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Treatment-resistant depression (TRD) is a complex and challenging condition that affects millions of people worldwide. Unlike typical depression, where symptoms may improve with standard treatments such as antidepressant medication or therapy, TRD persists despite these interventions. Individuals with TRD often experience prolonged periods of sadness, hopelessness, and loss of interest in daily activities, impacting their quality of life and functioning.


One of the defining characteristics of TRD is its resistance to traditional forms of treatment. This resistance can manifest in various ways, including:

  1. Minimal Response: Some individuals may experience partial relief from symptoms with initial treatments but fail to achieve full remission.

  2. Non-Response: Others may show no improvement at all, even after trying multiple medications or therapy approaches.

  3. Relapse: Even if symptoms initially improve, individuals with TRD are at a higher risk of relapse, with depressive episodes recurring despite ongoing treatment of depression.

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Recognizing the signs of treatment-resistant depression (TRD) is crucial for early intervention and effective management. While depression and anxiety manifests differently in each individual, certain symptoms of depression may indicate resistance to traditional treatments. Here are some common signs to be aware of:

  1. Persistent Major Depressive Disorder: Individuals with TRD often experience persistent feelings of sadness, emptiness, or hopelessness that last for weeks of treament or months, despite receiving treatment for depression.

  2. Lack of Improvement: Despite undergoing various treatments, including medication and therapy, there is minimal to no improvement in depressive symptoms. This lack of response may lead to frustration and demoralization.

  3. Increased Severity: Symptoms of TRD may become more severe depression over time, impacting daily functioning, relationships, and overall quality of life. Individuals may experience heightened feelings of despair, worthlessness, or suicidal thoughts.

  4. Suicidal Ideation: Suicidal thoughts or behaviors are common in TRD and require immediate attention. If you or someone you know is experiencing suicidal ideation, it is essential to seek help from a mental health professional or emergency services.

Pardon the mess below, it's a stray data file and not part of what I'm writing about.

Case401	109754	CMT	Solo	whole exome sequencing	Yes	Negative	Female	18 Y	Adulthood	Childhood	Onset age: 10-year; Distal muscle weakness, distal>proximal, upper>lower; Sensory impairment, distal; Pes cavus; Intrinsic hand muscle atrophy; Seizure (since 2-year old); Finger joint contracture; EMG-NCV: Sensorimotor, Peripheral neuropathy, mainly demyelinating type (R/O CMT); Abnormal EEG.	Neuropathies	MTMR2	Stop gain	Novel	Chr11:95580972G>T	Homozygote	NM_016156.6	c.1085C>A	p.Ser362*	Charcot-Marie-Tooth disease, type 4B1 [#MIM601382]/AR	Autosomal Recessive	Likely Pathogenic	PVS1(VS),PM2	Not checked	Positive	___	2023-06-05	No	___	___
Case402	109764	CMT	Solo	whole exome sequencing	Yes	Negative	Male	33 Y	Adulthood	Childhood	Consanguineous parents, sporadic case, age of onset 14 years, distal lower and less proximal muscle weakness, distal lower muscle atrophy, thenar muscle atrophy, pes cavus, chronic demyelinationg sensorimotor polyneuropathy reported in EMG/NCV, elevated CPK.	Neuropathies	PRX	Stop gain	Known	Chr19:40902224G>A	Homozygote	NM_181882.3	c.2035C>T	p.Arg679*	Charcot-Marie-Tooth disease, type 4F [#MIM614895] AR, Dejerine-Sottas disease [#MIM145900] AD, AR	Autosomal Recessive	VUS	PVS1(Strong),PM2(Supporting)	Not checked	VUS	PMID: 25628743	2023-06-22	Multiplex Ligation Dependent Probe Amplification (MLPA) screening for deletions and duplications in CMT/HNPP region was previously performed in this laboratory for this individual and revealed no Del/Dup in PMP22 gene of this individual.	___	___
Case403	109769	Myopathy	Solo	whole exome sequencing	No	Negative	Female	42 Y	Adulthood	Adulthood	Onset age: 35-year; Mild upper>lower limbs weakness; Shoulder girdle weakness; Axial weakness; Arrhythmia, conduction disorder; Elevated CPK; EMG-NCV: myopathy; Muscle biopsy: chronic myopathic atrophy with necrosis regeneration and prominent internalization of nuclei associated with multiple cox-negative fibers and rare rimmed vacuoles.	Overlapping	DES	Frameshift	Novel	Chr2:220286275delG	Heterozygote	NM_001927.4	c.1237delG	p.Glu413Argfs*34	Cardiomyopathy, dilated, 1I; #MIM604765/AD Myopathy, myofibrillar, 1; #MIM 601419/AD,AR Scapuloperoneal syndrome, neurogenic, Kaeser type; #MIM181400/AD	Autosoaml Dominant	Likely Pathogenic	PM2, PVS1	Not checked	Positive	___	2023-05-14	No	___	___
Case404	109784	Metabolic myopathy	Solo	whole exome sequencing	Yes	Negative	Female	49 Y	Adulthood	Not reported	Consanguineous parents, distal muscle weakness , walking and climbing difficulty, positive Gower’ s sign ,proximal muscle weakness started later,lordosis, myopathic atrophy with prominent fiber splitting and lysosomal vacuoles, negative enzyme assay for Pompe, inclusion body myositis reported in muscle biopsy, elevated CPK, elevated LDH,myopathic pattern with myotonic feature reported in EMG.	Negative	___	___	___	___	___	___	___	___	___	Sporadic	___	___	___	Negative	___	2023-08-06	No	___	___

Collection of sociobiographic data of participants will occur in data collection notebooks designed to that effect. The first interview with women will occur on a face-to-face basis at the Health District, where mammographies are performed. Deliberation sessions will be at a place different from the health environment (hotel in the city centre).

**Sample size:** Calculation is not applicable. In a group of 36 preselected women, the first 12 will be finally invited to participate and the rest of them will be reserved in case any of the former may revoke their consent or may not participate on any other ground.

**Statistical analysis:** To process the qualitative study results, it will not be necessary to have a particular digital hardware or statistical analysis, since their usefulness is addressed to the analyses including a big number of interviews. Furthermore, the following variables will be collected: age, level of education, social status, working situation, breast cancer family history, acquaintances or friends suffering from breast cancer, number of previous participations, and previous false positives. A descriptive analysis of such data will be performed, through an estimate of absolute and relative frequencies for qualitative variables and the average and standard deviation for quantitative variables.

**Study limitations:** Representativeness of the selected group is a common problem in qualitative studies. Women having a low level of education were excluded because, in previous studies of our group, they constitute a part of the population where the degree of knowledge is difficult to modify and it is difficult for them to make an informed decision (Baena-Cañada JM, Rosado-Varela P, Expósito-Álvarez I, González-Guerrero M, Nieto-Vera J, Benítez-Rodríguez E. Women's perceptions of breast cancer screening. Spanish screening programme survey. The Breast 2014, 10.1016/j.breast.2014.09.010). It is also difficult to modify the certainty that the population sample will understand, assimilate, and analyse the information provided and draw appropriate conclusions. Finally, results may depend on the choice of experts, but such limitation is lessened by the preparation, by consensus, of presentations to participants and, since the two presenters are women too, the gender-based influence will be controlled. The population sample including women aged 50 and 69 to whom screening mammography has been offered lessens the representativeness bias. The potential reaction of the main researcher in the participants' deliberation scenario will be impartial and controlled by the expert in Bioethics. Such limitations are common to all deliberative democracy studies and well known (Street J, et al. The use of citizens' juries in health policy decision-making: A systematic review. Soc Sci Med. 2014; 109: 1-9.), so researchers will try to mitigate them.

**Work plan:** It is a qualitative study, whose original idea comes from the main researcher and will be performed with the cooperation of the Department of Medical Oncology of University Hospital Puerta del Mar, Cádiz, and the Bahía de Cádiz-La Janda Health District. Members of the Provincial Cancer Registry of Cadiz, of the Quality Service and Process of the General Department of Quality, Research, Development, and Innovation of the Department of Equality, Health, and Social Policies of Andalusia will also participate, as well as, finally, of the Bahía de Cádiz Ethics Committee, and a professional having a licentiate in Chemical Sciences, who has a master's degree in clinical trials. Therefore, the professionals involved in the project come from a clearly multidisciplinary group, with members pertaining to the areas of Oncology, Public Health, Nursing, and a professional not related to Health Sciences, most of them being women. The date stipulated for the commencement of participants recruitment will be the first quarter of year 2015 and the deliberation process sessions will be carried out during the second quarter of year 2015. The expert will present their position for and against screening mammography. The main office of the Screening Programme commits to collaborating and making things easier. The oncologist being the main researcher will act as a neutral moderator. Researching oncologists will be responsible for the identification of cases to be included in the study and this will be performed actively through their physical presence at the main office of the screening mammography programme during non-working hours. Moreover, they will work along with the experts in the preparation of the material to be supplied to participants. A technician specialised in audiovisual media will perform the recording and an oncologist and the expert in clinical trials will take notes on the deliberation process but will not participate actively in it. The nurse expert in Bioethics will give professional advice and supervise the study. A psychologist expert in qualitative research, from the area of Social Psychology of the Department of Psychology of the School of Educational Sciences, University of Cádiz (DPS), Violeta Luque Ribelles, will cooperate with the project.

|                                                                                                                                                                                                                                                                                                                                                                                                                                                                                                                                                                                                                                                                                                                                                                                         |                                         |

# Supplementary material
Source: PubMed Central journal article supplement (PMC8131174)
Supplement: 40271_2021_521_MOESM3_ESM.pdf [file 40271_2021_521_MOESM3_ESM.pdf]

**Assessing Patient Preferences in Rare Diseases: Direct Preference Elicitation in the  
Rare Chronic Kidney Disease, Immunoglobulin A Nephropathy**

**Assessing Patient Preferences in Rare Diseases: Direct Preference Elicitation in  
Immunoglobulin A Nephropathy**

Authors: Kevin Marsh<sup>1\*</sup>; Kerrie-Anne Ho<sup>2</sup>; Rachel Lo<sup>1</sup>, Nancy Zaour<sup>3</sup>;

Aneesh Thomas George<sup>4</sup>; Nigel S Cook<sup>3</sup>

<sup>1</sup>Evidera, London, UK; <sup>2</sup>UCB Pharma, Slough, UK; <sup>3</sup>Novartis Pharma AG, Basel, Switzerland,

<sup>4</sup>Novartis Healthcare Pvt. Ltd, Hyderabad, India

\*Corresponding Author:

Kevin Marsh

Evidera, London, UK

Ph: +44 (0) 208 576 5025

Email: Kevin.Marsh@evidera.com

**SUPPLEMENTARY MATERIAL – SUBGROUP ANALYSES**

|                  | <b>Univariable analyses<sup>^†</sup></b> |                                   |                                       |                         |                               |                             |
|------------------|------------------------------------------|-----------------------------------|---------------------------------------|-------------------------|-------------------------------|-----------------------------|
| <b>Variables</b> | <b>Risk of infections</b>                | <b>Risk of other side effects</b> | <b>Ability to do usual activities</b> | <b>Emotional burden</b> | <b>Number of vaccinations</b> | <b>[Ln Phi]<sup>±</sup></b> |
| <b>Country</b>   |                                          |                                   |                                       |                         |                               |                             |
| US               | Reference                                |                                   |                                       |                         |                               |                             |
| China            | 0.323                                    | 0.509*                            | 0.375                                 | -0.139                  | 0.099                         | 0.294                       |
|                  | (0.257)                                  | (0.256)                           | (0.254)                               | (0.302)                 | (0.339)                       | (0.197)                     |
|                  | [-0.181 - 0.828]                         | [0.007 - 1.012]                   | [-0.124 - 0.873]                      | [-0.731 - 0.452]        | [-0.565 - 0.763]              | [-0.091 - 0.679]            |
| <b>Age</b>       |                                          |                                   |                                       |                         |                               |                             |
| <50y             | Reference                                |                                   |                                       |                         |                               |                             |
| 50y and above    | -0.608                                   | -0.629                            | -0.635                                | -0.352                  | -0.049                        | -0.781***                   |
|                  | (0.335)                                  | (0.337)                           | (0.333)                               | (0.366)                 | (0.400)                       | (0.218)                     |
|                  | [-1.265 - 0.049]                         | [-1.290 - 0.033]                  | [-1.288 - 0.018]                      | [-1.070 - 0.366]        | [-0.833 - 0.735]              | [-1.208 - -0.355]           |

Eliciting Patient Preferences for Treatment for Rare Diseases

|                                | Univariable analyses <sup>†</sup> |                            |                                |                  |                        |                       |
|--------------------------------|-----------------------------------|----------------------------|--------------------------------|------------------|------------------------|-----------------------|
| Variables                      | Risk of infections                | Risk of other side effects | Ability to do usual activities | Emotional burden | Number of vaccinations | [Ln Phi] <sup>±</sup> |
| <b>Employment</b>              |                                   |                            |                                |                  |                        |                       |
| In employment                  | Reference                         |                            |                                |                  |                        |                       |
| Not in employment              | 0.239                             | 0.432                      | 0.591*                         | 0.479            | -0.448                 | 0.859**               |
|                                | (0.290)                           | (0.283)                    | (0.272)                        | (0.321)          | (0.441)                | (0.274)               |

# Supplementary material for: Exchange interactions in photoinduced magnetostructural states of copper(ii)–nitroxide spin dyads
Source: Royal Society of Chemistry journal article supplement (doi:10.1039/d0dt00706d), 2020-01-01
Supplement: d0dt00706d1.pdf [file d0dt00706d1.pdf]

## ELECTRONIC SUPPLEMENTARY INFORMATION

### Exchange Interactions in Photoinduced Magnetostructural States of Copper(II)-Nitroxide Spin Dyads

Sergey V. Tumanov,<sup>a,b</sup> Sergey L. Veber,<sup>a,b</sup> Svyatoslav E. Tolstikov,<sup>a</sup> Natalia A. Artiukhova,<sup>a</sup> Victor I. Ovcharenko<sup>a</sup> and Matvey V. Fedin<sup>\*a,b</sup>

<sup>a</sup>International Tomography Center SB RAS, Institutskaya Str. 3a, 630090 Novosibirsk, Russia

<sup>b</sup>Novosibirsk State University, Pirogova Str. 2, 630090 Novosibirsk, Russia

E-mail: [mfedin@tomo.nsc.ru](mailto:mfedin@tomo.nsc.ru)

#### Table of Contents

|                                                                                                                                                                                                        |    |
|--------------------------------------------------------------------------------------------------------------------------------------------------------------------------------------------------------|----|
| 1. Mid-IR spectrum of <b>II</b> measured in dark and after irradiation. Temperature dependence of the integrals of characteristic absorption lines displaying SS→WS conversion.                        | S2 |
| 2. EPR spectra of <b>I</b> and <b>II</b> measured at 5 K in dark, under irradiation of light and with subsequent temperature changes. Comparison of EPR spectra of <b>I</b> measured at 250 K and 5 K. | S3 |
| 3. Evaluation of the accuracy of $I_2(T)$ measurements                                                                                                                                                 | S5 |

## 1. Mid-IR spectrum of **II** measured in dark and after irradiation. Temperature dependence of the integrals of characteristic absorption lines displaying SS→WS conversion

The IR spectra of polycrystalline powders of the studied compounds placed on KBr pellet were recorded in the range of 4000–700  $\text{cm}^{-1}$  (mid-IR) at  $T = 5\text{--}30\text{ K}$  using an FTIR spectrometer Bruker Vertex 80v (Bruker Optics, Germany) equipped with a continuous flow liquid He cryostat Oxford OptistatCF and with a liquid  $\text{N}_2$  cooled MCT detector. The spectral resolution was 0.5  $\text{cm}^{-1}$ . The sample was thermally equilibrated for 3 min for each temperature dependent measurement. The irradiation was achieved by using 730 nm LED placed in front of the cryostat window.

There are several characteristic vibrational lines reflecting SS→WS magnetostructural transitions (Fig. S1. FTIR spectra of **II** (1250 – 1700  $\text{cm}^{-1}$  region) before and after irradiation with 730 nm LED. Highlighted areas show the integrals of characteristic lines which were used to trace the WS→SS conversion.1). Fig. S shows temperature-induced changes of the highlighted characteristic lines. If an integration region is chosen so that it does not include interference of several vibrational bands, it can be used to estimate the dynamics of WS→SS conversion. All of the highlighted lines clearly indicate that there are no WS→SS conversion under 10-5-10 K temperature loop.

5. Co-Occurring Conditions: TRD often co-occurs with other mental health disorders, such as anxiety, substance abuse, or personality disorders. Addressing these comorbid conditions is essential for comprehensive treatment.

  6. Chronicity: Depression that persists for an extended period, typically two or more years, despite treatment attempts, may indicate treatment resistance. Chronic depression can significantly impair functioning and increase the risk of complications.

  7. Interference with Daily Life: TRD can interfere with various aspects of daily life, including work, school, relationships, and self-care. Individuals may struggle to concentrate, experience fatigue, or lose interest in activities they once enjoyed.

  8. Physical Symptoms: In addition to emotional symptoms, TRD can manifest as physical symptoms such as changes in appetite or weight, sleep disturbances, headaches, or digestive issues.

  9. Resistance to Medication: Some individuals with TRD may experience difficulties tolerating or responding to antidepressant medications, even after trying multiple options or adjusting dosages.

  10. Treatment Frustration: Ongoing frustration or disillusionment with treatment outcomes may indicate resistance to standard interventions. It is essential to address these feelings and explore alternative treatment options.

If you or someone you know is experiencing these signs of treatment-resistant depression, it is essential to seek help from a qualified mental health professional. With specialized care and support, individuals with TRD can find relief and reclaim their lives from the grip of major depression.

If you or someone you know is experiencing these signs of treatment-resistant depression, it is essential to seek help from a qualified mental health professional. With specialized care and support, individuals with TRD can find relief and reclaim their lives from the grip of depression.

Is Treatment-Resistant Depression Curable?

At this point, it is important to mention that there is currently no 100% cure for depression. However, there are several effective treatment approaches that have been used to help people with depression enjoy symptom-free lives. Some of these conventional treatment approaches for depression include the following:

Medication: The use of medications for treating and managing depression remains one of the main approaches for taking care of depression symptoms. Doctors often prescribe antidepressant medications like citalopram and fluoxetine to people suffering from depression to help alleviate depressive symptoms.